Even more interesting is the final image with Earth curvature taken into account! Clearly there is a huge difference between the ‘flat Earth’ model and an accurate one. As soon as I saw the image taking into account Earth curvature I immediately question any of the elevation profiles I have previously created!

Looks like a great tool to me.
Regards, Mark. M0NOM

Wow that is a very cool feature.

I also “discovered” the mapping feature to show all peaks within a donut that seemed useful for pursuing uWave awards in being able to set the interior of a donut to say 50km on a known chaser.

Paul M0SNA aka W6PNG

That was a feature actually requested a couple of years ago by a microwaver in the US - I don’t remember right now who that was…


Clearly a very smart person!

1 Like

Rob, just out of interest, could you plot a profile with earth curvature between the following two locations please?

  • 54.369195, -2.899244 (Lickbarrow Road Windermere)
  • and GW/NW-001

According to the Solwise tool this is line of sight but I’ve never been able to chase someone on Snowdon on 2m from that location (it is 5 mins from my QTH and the highest spot I can get to quickly). I suspect your tool will show something very different.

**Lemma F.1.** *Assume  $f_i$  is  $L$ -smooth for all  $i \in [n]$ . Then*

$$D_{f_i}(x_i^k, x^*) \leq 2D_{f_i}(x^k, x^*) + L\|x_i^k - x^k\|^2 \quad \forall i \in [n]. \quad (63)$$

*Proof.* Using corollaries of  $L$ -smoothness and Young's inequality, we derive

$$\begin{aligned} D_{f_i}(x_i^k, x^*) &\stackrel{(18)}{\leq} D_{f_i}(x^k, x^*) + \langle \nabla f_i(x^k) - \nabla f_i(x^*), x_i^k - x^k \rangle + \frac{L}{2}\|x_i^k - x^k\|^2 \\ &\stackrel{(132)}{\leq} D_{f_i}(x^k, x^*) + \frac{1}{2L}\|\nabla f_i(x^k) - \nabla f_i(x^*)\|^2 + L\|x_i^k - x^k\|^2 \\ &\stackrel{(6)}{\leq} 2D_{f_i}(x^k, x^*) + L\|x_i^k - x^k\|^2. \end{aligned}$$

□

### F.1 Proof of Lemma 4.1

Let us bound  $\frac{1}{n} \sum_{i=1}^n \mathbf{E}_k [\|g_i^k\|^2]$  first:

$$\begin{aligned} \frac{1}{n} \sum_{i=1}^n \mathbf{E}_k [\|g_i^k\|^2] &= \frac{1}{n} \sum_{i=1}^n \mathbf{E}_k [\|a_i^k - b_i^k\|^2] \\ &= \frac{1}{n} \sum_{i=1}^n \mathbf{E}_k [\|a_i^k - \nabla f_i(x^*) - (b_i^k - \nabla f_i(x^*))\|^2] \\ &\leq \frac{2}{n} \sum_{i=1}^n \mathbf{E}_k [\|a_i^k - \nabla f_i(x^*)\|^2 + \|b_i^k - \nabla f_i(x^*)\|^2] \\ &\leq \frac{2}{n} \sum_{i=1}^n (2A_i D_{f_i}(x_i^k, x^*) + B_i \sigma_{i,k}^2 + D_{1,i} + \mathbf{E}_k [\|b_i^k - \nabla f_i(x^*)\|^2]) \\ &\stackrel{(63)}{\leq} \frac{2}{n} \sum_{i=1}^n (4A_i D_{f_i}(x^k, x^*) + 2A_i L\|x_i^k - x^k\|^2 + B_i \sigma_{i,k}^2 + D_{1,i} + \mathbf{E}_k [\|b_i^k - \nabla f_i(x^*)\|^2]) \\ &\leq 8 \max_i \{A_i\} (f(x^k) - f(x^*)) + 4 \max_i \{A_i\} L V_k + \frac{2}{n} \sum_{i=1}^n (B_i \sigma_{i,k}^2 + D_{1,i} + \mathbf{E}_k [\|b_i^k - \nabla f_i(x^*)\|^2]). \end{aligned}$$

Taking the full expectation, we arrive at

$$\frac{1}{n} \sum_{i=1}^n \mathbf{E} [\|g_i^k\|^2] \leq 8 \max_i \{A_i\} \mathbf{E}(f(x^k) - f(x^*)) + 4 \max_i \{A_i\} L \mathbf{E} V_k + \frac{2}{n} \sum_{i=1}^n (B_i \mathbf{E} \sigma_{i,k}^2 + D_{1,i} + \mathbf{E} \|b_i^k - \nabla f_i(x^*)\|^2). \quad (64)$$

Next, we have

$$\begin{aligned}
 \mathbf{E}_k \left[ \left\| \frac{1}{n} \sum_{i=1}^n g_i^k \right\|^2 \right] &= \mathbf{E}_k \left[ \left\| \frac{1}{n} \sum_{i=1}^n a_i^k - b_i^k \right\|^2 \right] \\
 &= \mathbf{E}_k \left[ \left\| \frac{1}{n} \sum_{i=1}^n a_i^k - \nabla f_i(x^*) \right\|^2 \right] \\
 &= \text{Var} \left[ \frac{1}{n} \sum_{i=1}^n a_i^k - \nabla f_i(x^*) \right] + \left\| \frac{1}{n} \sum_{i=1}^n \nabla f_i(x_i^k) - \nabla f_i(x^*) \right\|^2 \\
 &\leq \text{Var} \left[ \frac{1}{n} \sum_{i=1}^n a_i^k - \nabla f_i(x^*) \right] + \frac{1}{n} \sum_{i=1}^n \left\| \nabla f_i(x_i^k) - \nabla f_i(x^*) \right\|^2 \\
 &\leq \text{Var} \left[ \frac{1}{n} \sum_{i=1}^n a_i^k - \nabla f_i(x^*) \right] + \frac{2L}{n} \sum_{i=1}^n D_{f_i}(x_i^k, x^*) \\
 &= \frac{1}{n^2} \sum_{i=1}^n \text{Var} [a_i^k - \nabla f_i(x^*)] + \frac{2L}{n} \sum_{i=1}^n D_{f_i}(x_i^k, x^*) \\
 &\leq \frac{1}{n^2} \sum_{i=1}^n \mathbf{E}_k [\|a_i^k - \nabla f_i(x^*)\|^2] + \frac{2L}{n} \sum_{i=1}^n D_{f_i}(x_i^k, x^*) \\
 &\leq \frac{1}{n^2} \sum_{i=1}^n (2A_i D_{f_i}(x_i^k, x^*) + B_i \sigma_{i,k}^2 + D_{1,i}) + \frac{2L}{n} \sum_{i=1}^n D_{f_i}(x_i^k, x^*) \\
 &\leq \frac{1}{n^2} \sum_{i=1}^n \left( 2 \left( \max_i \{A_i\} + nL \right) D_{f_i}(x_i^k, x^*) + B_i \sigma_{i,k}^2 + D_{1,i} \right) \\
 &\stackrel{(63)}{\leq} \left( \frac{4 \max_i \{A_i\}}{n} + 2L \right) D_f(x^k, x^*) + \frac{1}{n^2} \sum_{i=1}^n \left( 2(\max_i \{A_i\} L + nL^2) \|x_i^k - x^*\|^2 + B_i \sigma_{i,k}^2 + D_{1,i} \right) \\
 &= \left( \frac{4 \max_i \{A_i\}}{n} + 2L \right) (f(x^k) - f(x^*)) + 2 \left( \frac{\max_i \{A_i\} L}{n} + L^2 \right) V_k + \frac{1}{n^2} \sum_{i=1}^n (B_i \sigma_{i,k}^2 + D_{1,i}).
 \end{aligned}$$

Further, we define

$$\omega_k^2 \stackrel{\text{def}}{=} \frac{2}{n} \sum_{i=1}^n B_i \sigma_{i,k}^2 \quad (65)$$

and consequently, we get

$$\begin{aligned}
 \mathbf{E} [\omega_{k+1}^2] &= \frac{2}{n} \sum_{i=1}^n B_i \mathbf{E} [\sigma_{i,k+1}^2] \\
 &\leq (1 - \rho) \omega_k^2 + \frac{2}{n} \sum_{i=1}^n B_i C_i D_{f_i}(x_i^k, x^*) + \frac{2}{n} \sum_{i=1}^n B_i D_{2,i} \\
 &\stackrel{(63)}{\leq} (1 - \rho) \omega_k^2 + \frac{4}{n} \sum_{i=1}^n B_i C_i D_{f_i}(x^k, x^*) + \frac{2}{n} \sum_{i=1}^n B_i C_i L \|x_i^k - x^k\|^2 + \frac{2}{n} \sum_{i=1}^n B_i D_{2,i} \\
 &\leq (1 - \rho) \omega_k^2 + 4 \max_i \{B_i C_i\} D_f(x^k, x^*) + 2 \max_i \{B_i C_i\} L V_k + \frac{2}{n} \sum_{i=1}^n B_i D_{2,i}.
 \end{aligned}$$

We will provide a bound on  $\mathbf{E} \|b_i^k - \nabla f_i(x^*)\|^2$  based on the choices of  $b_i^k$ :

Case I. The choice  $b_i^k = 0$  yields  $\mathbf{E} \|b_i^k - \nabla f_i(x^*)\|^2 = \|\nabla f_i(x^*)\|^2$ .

…or someone who loves donuts :wink:

Really interesting feature, Rob…

OK, it’s the other way round, since I took your address first, but no matter: as near as I could get it, here’s the flat earth version:

…and with earth bulge/curvature:

…and with 1st Fresnel zone for 2 meters:

So, as I understand it,

The first zone must be kept largely free from obstructions to avoid interfering with the radio reception. However, some obstruction of the Fresnel zones can often be tolerated. As a rule of thumb, the maximum obstruction allowable is 40%, but the recommended obstruction is 20% or less. (Wikipedia)

So, you’re in for a bit of a struggle there… EDIT - BUT, see below…


I believe his name was Duncan…:rofl:

1 Like

That path should be fairly easy to work via normal troposcatter on 2m SSB with smallish Yagis at both ends. But simple verticals and FM may make it really difficult. You would need to get the antennas clear of the ground, say 3-4m. Positioning the Snowdown end on the edge of any sharp drops would help. Mark’s QTH looks rubbish with lots of vegetation and no obvious ground gain to be had. Getting the antenna well clear should produce a big improvement.

Should be (for various definitions of should be) possible with a bit of antenna choice and planning. Very dodgy for someone running up to the local high spot with a handy though.

Right - this is some of the stuff I’m largely unaware/ignorant of, so it’s good to hear from somebody with experience in these matters.

(Hopefully not teaching you to suck eggs here Rob)